Interestingly, the MTQ assesses psychological safety through a component they call risk taking. By measuring an employee’s propensity to take risks, the MTQ can confirm how psychologically safe that person is. Modern assessment tools can assess multiple people at once, meaning teams, departments and even whole companies are able to understand their psychological safety levels. If there is a deficit, then specific training can be used to increase performance in this area.
The way we work affects our energy — and our levels of energy affect our performance, our resilience, and our likelihood of burning out. What has become apparent during the pandemic is how much the changes to our lifestyles have impacted our overall energy levels. There could be many reasons for this change in energy levels, including employees working longer days at home, taking fewer breaks, and being unable to effectively switch off from work.
This has led to a resurgence in the energy management system being used by trainers to help burned out employees. Energy management is a simple system first popularized by Jim Loehr and Tony Schwartz. Training professionals using this system ask clients to improve focus by splitting their time and activities into manageable chunks. Rather than dealing with one task after another, allot a specific chunk of time for each task (no longer than 120 minutes). Follow each task with a 20-minute break, then change to a new activity. This model posits that human beings have a maximum cognitive attention span of 120 minutes — when humans concentrate for longer; they do not do it well.
A popular practice to develop better energy management is to encourage people to build regular breaks into their routines, getting employees off their phones and computers and away from their desks every 90-120 minutes – no matter how busy they are. In this rest period, they are not allowed access to digital devices. Often, clients use this time to walk, eat something nutritious or even have a short nap. The real power was not the training that was delivered but in the way it could be evidenced. Some trainers have used the MTQ to assess employees pre- and post-energy management training to demonstrate the massively positive effects upon employees. The results can also be reviewed qualitatively with the organization using systems such as an employee audit, which adds details around the specifics of the reasons for the change.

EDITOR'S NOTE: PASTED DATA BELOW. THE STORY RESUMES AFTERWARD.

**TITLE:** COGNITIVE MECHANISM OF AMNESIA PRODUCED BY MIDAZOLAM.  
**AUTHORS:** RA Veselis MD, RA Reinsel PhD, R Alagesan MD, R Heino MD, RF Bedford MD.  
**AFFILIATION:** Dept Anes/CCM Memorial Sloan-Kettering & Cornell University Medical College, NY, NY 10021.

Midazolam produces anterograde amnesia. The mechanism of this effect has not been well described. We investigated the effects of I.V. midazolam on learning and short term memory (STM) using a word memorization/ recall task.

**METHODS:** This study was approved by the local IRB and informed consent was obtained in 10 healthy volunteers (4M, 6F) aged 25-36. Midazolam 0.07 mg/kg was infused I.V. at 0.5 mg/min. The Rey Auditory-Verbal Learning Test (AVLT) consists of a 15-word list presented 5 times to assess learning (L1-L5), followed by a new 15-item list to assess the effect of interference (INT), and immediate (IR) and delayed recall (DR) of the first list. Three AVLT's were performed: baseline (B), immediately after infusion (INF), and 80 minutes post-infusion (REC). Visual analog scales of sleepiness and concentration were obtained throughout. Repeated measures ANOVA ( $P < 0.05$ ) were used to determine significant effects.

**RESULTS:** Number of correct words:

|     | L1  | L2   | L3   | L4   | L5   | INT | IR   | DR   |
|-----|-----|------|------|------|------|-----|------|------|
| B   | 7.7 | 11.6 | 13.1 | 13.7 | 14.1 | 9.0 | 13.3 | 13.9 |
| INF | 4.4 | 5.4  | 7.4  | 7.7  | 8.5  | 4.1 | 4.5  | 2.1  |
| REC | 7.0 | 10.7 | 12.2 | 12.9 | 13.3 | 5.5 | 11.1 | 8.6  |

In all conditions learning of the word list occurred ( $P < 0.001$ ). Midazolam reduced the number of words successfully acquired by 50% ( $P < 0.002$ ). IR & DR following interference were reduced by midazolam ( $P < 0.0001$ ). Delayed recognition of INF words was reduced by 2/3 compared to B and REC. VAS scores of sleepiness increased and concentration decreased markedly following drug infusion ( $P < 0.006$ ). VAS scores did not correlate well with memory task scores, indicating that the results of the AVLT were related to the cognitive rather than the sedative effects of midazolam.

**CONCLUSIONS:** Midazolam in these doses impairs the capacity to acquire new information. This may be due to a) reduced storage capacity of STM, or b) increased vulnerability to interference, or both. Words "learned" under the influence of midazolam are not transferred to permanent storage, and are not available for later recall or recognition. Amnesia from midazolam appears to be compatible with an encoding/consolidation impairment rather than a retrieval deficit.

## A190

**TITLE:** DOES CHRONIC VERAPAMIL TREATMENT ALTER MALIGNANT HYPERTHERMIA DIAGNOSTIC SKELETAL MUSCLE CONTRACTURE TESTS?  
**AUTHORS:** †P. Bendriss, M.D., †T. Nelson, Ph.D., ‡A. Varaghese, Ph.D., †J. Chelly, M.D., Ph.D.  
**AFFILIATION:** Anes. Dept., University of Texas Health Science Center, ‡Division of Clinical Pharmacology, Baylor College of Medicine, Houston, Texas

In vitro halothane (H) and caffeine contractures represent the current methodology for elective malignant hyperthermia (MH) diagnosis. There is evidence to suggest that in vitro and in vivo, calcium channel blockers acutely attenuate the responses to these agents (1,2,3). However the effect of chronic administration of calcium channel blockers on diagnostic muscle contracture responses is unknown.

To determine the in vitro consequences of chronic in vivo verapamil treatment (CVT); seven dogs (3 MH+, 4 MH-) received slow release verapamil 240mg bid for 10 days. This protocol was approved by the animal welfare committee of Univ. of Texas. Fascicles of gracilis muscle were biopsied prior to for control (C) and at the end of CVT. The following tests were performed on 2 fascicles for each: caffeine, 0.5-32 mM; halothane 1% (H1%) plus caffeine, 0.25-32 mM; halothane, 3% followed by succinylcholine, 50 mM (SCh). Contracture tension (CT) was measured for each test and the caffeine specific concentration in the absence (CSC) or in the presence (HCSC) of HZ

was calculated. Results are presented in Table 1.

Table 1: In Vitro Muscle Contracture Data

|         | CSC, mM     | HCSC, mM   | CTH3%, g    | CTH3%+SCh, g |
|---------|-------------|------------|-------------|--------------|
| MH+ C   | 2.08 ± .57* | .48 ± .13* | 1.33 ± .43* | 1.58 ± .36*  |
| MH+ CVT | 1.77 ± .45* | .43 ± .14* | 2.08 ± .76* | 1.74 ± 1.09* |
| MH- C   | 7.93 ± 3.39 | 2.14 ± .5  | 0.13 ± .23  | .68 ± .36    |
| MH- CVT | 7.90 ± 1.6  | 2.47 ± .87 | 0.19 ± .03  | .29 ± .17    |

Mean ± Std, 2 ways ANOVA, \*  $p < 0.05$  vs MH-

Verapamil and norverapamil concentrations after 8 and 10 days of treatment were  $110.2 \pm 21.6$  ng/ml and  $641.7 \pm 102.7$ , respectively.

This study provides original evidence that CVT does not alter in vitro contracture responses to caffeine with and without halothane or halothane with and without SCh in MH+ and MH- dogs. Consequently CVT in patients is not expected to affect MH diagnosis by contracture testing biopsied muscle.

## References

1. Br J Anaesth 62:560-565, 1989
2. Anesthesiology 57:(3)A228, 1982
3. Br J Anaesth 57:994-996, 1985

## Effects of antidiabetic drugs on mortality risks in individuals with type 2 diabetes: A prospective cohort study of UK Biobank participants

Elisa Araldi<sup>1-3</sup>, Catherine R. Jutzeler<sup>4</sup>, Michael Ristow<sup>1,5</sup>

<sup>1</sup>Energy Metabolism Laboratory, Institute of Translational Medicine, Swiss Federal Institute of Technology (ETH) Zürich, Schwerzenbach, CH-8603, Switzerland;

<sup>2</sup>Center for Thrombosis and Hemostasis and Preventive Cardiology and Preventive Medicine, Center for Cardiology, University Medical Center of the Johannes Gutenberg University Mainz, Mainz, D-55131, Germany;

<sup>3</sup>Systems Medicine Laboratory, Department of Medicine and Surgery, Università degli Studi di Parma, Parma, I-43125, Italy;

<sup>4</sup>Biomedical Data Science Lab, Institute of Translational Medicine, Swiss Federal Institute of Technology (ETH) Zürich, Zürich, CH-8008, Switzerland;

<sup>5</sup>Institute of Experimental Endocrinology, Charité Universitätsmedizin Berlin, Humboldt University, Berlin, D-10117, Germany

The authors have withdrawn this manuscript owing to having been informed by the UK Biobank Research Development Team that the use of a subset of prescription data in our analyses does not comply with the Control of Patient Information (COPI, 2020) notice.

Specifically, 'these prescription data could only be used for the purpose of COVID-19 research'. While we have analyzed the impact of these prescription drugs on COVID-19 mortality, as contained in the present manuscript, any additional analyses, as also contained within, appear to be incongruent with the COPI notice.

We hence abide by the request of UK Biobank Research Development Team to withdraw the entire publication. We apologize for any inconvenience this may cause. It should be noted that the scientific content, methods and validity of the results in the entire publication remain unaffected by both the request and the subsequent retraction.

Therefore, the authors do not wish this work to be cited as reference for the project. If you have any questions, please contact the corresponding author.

Systematic reviews and meta-analyses of all have concluded that any workplace program or training that aims to tackle burnout is going to be far more effective if it includes exercise. There have been many studies that have investigated the effects of exercise upon burnout symptoms, and all have found that exercise reduces emotional and physical exhaustion.
There is a plethora of opportunities for training professionals to upskill themselves with tools, techniques and qualifications to help their organization overcome burnout. This could include using the MTQ system to assess and diagnose or energy management and exercise programs to improve physical health. What is clear is that now is the time for training professionals to educate themselves on ways to combat burnout and improve employee well-being.